Dealing with Christmas leftovers has become, over the years, as exciting to me as planning the main festive meal.
When I pore over lists of which hotel or restaurant is offering what, I think about how I can turn what I order into more interesting meals than turkey or ham sandwiches.
My sister rarely makes it back to Singapore for Christmas so it is usually just my parents and me. I know I should order less, but sometimes, the best tasting offerings come in big servings. I hate the thought of wasting food, so the only way is to get creative.
Leftovers have been turned into savoury bread puddings, soup, shepherd's pies, fried beehoon, pasta dishes and congee.
I even eye the stuff people usually throw out. At Christmas parties, for instance, I might ask the host if I can take home the turkey carcass. I have become quite shameless about hoarding these bones because I know they can be put to very delicious uses.
It takes very little to transform the carcass into a hearty stock, which can then be used to cook my morning oats or congee or soup.
One excellent dish to make with turkey stock is chye buey or choi keok, which means "leftovers" in Hokkien and Cantonese respectively.
It is more popular in Malaysia than in Singapore and I cannot imagine why, because it is delicious.
The dish comes in handy during Chinese New Year, where leftover roast pork, chicken or duck are made into a hearty stew with lots of juicy mustard greens, called kai choy in Cantonese.
1 turkey carcass
2 medium onions, 400g total
3 to 4 heads garlic
4 litres water, or enough to cover the bones
1 kg cooked meat - turkey, roast duck, roast pork, pork knuckle or sausages
12 to 15 dried chillies
15g to 30g assam keping, commonly called assam skin
2kg mustard greens, called kai choy
5 to 6 tomatoes, about 500g
Salt to taste
1. Strip the meat that remains on the turkey carcass and refrigerate in a covered container. Chop the carcass into large chunks and place in a large and deep pot. Peel the onions, halve them and place in the pot. Cut the heads of garlic in half, exposing the cloves (pictured). Place in the pot. Pour in the water and bring to a rolling boil. Turn the heat down to medium low and let bubble for two hours, uncovered, stirring occasionally.
2. The stock can be made a day ahead. Strain into a deep container, cover and refrigerate. Before using, use a spoon to remove the layer of oil that would have floated to the top. If using immediately, strain the stock into another deep pot. You should have 2.2 to 2.5 litres.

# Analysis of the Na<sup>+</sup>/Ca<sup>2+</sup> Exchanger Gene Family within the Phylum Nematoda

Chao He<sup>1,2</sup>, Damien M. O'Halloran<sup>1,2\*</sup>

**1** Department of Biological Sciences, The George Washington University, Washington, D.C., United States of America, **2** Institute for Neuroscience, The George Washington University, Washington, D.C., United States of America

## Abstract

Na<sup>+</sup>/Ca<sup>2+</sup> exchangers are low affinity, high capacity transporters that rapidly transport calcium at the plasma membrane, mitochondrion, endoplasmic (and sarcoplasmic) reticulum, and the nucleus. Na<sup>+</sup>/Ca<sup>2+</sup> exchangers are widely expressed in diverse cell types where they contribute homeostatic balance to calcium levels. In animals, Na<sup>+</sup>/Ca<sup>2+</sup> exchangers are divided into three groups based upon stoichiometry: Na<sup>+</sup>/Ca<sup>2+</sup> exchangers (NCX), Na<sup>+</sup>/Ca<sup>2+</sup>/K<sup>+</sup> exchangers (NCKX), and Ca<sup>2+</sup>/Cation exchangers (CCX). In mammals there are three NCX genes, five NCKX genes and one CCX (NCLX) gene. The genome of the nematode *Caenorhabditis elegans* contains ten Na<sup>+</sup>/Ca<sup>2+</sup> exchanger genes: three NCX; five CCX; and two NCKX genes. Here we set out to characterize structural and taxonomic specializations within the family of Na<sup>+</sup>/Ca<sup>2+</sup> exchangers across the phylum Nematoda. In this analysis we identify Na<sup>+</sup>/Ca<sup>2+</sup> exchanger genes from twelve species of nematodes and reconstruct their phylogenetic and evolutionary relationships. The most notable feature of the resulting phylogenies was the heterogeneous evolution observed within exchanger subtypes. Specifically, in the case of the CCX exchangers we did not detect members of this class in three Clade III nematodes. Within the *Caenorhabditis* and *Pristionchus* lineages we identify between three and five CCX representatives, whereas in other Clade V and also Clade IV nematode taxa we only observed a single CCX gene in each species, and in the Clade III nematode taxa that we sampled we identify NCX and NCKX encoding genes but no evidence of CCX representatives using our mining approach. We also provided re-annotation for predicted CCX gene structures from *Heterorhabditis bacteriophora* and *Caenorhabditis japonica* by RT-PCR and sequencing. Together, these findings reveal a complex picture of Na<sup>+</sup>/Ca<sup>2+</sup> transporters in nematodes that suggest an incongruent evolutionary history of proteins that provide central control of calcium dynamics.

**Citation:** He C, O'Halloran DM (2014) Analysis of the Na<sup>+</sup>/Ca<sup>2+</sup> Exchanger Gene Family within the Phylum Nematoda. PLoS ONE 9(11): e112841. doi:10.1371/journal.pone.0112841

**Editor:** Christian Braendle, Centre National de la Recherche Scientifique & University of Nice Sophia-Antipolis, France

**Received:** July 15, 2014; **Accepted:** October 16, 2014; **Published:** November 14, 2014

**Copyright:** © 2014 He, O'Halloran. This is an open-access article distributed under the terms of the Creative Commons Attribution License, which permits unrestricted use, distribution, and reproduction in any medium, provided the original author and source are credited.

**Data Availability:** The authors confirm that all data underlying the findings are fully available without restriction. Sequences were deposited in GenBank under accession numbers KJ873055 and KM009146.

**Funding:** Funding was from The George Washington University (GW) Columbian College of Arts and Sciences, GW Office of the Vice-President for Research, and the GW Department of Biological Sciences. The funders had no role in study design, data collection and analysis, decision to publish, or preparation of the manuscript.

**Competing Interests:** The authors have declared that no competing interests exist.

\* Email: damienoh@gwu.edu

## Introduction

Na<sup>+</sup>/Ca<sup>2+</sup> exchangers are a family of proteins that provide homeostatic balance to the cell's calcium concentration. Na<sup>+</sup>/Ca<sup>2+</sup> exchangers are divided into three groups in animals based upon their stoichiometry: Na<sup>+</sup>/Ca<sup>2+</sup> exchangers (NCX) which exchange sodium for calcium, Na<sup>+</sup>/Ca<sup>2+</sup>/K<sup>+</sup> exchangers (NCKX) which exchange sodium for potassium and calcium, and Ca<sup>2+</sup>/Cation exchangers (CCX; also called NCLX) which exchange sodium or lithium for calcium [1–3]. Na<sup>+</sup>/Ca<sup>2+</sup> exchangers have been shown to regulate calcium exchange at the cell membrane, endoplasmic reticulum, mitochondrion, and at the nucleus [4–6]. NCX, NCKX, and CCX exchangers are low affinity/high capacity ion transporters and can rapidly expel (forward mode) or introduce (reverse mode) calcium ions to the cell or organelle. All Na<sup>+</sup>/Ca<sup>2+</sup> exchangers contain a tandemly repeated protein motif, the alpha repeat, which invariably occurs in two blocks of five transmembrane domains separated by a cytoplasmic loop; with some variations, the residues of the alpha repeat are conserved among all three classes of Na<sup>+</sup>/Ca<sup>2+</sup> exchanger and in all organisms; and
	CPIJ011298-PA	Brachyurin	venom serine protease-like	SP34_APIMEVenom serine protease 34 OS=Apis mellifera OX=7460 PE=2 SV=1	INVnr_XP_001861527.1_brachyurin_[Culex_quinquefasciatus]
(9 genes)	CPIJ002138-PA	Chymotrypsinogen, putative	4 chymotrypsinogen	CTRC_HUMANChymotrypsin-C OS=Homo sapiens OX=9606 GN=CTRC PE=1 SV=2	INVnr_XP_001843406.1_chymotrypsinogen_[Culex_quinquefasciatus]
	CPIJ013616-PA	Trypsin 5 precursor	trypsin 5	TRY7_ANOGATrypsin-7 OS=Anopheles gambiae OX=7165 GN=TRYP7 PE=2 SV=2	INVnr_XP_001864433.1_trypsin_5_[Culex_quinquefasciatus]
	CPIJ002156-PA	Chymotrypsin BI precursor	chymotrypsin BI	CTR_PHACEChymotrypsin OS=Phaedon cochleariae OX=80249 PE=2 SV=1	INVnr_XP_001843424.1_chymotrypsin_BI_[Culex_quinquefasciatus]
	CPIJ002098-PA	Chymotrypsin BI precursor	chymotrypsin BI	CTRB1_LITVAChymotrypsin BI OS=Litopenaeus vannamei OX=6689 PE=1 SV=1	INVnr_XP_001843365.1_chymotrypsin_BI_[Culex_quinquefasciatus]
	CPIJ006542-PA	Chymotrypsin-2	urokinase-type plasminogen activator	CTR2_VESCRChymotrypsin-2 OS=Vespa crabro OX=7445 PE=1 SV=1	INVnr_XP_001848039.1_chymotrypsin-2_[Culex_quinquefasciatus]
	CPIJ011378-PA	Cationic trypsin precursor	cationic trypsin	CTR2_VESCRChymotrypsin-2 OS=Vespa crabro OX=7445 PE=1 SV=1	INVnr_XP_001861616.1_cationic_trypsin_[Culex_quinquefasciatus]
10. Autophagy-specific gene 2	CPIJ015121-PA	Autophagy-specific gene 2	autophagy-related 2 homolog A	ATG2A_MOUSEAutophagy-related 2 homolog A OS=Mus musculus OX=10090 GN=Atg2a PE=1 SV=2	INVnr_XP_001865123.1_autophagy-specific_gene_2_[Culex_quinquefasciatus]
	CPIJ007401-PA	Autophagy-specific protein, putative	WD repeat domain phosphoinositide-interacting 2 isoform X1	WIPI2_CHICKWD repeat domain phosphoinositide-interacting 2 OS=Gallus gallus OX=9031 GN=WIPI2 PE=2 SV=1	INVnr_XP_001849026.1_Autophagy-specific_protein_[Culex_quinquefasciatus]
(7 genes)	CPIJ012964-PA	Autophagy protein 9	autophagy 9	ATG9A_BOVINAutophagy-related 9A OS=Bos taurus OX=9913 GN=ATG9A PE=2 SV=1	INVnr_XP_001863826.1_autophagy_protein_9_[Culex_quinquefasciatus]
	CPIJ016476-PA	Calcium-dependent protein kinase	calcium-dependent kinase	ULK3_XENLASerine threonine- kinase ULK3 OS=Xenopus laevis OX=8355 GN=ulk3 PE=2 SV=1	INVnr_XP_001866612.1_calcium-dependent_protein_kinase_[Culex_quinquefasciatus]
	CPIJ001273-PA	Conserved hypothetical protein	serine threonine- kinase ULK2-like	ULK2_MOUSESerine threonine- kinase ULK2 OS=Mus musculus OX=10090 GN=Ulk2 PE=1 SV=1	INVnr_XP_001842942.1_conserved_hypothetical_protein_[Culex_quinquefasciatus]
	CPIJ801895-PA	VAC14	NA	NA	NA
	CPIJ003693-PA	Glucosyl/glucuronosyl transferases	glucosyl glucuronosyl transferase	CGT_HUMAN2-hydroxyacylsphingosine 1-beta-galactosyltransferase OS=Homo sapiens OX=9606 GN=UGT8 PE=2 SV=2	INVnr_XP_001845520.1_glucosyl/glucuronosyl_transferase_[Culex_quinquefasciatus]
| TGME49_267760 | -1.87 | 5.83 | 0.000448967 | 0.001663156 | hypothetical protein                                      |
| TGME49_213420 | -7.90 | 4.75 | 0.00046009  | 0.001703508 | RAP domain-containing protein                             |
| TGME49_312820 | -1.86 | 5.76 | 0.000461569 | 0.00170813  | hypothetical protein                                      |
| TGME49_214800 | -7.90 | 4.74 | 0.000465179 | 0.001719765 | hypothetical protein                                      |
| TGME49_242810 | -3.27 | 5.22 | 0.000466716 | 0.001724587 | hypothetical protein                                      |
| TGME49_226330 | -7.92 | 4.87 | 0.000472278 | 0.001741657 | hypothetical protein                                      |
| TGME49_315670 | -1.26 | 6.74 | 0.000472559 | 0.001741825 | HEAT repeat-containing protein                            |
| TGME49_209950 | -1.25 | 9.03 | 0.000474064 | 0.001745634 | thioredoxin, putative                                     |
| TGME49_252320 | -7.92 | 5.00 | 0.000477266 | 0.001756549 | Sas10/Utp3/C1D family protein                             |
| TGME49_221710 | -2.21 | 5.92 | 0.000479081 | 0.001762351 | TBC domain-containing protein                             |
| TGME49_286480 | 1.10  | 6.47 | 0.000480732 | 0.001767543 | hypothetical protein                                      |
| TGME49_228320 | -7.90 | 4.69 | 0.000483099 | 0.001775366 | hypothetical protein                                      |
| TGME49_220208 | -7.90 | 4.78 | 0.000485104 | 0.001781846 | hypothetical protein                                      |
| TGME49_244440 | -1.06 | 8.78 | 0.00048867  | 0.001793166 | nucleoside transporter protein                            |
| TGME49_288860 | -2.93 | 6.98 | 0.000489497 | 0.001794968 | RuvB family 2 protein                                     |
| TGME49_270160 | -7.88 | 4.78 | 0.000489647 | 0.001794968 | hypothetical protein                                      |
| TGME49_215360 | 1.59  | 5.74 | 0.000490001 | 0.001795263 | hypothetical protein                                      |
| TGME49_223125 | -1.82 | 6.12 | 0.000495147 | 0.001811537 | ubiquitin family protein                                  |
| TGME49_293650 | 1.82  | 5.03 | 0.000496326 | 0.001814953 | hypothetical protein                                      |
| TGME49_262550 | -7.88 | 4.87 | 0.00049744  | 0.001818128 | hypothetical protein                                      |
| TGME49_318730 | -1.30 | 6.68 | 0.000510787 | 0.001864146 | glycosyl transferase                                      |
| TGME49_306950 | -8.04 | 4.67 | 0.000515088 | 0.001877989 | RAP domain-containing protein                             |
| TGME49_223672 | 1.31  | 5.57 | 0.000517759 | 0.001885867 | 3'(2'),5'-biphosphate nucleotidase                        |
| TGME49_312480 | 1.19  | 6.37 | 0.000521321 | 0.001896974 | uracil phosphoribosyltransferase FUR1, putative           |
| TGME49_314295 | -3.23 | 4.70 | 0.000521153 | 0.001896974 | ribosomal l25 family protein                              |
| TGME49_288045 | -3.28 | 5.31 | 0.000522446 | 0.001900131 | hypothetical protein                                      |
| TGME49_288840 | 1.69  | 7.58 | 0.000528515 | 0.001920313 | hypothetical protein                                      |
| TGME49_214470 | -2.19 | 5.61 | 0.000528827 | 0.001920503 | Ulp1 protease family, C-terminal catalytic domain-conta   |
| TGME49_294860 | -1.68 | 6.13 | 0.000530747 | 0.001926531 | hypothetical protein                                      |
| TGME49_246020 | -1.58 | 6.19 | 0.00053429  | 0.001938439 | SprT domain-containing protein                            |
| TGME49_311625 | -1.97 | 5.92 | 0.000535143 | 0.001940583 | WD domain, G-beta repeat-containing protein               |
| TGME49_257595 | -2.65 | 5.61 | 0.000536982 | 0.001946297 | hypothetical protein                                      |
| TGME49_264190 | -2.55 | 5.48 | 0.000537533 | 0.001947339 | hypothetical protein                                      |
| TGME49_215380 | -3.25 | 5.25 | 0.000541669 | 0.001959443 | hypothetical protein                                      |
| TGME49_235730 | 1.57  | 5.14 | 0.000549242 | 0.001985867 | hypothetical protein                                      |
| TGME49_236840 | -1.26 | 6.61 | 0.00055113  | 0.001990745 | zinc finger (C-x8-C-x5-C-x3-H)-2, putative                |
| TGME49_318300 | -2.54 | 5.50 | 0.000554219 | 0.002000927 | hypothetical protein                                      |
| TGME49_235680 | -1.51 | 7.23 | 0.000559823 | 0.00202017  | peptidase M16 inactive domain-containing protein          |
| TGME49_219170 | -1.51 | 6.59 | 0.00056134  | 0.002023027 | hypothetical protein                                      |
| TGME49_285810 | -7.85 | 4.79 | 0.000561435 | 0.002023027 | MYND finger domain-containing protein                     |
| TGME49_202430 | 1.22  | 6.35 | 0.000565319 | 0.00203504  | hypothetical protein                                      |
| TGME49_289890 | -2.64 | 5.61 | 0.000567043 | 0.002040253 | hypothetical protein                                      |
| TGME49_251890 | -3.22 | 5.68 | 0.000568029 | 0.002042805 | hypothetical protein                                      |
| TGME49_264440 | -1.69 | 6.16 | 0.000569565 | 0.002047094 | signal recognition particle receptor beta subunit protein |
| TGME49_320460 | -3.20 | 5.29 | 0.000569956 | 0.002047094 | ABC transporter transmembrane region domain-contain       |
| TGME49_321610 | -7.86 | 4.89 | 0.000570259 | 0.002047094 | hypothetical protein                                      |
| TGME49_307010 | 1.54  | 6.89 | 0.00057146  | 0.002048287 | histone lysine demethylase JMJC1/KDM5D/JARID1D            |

3. Place the pot holding the stock over high heat. Add the turkey and other cooked meat. Rinse the dried chillies and assam keping under running water and add to the pot. Scrape the skin off the ginger with a teaspoon, slice thinly and add to the pot.
4. Wash the mustard greens under running water, trim the wilted parts and cut into large chunks. Add them to the pot. Quarter the tomatoes and add them to the pot.
5. Bring to a boil and turn the heat down to medium low. Taste and add more assam keping if you like. Let cook for one hour, uncovered, stirring occasionally. Just before the hour is up, taste and add salt, if needed. Ladle into a large serving bowl and serve with rice.
Some friends told me about it years ago and it works just as well with Christmas leftovers.
I strip a turkey carcass of all the meat, and am always surprised by just how much is left on the bones. The meat goes into the fridge and the bones into a large pot.
Most turkeys are already flavoured in some way, so all I need for the stock is a couple of onions and a few heads of garlic. After a couple of hours of simmering, I get an aromatic stock.
Then it is really a matter of chucking stuff into a large pot and letting everything simmer slowly in the stock. The turkey meat and other leftovers - roast pork belly, pork roast, roast duck or goose, pork knuckles, ham and even sausages - can go into the stew.
What makes it appetising after rounds and rounds of eating rich food is its tanginess.
Some people use tamarind paste, but I prefer the clean-tasting tartness of assam keping, also called assam gelugur. Ask for assam peh at the wet market. It comes from the Garcinia atroviridis tree and is made by drying slices of its bright yellow, pumpkin-shaped fruit.
I like my food tart so I usually use 30g of assam keping. If you are less tolerant of sourness, start with 15g, taste and add more if needed.
The other flavourings in my recipe are dried chillies and ginger.
A key ingredient is mustard greens. Like assam keping, it is not often found in supermarkets, so head to the wet market.
Pick heads of kai choy without leaves because the thick, fleshy stems are the real attraction. They soak up flavour from the meat and stock and make for excellent eating. I hated the vegetable as a child and could not stand its bitterness. If you simmer it long enough, however, the bitterness goes away.
Like most stews, this one tastes better the next day. If you finish the mustard greens, but still have stock and meat left, just add more of the vegetable and let it cook low and slow.
Needless to say, you will need rice to go with this.
In the lead-up to Christmas, I have already made the stew twice - this has been a bumper year for carcass hoarding - and am looking forward to making it at least once more. This time, I will add the bone I salvaged weeks ago from a smoked turkey leg.
Is it wrong to be more excited about leftovers than Christmas Eve dinner?
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